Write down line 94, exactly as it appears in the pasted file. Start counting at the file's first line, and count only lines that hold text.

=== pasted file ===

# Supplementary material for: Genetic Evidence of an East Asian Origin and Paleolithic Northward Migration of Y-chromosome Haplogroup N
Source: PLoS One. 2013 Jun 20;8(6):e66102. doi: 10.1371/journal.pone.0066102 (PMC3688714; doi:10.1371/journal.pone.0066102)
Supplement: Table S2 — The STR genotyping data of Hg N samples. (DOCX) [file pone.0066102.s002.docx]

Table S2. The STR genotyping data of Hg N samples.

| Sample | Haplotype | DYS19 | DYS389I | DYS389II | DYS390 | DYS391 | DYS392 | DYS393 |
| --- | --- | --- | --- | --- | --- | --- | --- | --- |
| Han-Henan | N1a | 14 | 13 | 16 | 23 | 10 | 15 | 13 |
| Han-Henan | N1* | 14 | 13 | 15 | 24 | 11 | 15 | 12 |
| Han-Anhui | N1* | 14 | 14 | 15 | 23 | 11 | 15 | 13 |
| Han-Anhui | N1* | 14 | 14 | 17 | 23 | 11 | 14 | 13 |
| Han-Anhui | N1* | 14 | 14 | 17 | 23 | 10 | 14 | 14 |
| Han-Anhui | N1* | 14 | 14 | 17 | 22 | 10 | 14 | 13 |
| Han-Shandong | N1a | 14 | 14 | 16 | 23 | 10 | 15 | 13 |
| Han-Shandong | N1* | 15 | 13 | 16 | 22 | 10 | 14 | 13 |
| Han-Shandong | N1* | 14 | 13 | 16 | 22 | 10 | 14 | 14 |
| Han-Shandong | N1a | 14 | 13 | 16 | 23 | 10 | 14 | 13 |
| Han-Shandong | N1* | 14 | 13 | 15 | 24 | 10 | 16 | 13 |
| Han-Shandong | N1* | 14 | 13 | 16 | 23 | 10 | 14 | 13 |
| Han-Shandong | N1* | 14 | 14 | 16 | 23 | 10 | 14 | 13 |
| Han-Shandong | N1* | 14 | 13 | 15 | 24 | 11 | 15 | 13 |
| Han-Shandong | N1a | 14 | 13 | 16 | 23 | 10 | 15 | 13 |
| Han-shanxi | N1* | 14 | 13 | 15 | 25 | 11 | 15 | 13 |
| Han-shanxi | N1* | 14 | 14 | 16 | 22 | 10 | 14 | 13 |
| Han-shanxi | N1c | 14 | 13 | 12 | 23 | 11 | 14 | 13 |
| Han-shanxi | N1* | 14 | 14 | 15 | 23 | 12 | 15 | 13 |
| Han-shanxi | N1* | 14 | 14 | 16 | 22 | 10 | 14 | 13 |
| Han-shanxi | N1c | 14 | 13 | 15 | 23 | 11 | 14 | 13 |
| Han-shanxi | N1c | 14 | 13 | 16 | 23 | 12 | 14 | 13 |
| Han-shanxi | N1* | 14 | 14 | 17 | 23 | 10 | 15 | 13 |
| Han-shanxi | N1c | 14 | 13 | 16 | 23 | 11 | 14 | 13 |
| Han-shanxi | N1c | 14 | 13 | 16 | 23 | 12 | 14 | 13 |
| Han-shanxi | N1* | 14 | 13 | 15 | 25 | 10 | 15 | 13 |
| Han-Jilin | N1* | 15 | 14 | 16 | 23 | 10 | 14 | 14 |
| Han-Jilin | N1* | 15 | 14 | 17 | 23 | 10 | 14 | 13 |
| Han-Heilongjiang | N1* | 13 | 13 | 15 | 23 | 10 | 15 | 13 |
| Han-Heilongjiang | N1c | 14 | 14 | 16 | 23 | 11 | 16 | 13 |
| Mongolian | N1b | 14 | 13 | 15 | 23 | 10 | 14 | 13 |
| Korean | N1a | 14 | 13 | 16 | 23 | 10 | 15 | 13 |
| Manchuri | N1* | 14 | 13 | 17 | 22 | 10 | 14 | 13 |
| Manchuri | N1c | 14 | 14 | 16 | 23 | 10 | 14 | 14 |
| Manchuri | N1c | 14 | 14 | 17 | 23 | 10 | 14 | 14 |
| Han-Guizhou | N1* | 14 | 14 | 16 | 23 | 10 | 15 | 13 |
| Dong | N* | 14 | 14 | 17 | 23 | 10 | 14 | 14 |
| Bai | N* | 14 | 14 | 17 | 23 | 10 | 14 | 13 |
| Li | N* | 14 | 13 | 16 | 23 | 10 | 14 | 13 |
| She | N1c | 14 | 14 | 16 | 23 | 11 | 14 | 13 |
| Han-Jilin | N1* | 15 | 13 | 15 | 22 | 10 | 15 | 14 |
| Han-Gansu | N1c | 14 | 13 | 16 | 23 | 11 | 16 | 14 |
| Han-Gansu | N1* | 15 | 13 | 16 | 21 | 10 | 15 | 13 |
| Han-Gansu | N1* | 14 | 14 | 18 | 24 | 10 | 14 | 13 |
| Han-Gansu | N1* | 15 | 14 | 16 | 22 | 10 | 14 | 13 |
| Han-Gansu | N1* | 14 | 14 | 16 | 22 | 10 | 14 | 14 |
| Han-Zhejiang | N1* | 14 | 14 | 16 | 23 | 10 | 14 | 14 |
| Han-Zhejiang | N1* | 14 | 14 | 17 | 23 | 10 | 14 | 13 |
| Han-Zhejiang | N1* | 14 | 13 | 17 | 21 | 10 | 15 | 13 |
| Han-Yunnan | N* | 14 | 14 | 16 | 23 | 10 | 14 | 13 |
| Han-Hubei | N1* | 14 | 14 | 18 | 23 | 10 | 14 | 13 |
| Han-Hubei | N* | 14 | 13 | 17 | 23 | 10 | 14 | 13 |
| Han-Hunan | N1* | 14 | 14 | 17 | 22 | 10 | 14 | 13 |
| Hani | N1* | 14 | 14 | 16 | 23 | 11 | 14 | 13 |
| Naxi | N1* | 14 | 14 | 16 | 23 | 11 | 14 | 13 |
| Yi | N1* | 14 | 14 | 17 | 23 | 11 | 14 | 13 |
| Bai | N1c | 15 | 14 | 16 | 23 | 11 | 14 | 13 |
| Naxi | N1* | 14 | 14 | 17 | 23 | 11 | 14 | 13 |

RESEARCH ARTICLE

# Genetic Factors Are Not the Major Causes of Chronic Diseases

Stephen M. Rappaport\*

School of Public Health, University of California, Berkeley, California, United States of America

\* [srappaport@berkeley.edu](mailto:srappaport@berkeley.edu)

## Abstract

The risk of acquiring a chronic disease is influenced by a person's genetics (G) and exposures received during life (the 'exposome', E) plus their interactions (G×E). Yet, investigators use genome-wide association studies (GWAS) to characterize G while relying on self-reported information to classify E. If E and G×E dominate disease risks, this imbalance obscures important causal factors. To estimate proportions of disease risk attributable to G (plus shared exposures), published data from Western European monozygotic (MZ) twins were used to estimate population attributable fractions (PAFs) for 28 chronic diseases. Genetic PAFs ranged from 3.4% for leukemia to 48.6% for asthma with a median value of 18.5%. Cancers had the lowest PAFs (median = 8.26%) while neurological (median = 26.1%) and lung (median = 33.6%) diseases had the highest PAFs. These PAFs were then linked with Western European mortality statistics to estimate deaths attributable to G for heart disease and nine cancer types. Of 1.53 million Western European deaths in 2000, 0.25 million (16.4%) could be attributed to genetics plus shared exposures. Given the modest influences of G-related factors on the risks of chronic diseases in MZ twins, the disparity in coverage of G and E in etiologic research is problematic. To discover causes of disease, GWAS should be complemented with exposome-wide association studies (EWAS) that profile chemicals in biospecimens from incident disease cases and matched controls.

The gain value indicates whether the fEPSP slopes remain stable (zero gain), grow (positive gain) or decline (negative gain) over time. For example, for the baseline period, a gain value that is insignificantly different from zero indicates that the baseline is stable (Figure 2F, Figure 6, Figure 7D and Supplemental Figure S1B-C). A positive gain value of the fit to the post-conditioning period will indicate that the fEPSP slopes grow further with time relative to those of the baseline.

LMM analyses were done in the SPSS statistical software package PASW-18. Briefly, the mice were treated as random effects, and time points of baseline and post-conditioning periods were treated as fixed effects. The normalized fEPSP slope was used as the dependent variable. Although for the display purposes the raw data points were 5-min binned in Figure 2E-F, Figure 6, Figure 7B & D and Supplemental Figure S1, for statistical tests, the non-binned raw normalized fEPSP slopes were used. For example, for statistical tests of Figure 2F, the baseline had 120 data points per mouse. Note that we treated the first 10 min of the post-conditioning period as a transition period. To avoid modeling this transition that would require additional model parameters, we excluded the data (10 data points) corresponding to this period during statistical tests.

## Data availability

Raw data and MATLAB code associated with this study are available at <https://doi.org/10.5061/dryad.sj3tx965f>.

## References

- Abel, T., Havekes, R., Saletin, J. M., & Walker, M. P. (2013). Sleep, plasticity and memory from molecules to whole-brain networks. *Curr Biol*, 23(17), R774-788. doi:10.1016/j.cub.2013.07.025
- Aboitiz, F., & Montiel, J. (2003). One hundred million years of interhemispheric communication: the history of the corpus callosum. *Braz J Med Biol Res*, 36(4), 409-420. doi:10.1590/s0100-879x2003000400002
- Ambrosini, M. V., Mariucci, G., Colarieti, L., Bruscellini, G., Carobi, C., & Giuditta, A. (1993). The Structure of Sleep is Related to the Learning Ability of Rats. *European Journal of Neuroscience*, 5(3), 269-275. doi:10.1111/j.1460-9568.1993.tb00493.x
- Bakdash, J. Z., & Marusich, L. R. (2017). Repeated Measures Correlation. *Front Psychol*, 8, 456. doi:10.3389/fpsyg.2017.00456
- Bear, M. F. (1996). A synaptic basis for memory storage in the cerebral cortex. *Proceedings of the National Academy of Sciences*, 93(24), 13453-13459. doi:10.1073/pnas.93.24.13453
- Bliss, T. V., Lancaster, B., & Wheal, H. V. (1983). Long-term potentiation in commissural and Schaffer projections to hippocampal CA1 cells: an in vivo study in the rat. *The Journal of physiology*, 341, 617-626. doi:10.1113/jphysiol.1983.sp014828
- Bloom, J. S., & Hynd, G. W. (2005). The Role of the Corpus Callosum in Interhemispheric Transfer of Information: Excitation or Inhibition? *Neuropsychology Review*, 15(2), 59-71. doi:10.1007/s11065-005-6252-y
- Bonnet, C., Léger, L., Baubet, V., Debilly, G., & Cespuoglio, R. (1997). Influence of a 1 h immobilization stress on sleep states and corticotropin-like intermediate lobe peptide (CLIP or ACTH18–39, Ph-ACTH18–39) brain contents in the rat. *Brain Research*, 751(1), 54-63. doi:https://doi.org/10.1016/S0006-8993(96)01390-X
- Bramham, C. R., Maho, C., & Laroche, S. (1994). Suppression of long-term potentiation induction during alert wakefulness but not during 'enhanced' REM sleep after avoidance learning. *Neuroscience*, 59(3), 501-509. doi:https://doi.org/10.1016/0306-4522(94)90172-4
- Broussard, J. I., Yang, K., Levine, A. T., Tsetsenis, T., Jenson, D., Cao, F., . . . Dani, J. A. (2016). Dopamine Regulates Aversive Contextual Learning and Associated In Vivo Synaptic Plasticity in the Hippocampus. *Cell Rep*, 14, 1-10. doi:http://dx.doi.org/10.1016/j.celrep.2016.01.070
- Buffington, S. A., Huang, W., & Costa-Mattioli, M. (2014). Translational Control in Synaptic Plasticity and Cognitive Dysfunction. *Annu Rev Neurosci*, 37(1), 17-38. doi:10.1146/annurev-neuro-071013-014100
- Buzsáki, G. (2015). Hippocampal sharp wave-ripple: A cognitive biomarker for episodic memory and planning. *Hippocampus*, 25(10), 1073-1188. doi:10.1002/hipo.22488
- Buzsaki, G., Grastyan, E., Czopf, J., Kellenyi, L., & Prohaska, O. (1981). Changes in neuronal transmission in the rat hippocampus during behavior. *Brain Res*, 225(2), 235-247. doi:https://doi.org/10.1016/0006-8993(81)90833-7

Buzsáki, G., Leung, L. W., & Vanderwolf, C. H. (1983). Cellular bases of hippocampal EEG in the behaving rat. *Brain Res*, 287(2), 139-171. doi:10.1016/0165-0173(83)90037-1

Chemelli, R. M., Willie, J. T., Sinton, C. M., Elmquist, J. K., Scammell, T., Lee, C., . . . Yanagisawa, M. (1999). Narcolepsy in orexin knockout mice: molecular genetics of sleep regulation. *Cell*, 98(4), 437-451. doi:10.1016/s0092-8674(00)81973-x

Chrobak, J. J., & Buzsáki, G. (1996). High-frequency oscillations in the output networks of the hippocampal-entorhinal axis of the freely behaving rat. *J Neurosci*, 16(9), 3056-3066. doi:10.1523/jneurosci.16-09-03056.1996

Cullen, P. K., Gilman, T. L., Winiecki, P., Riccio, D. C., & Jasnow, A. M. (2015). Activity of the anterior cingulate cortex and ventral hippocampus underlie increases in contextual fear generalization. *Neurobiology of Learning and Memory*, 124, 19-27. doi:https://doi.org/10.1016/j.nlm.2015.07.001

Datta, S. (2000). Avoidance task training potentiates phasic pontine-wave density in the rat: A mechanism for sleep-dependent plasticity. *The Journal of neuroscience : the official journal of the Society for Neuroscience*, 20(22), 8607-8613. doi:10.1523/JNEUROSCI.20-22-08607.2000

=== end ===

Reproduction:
Datta, S. (2000). Avoidance task training potentiates phasic pontine-wave density in the rat: A mechanism for sleep-dependent plasticity. *The Journal of neuroscience : the official journal of the Society for Neuroscience*, 20(22), 8607-8613. doi:10.1523/JNEUROSCI.20-22-08607.2000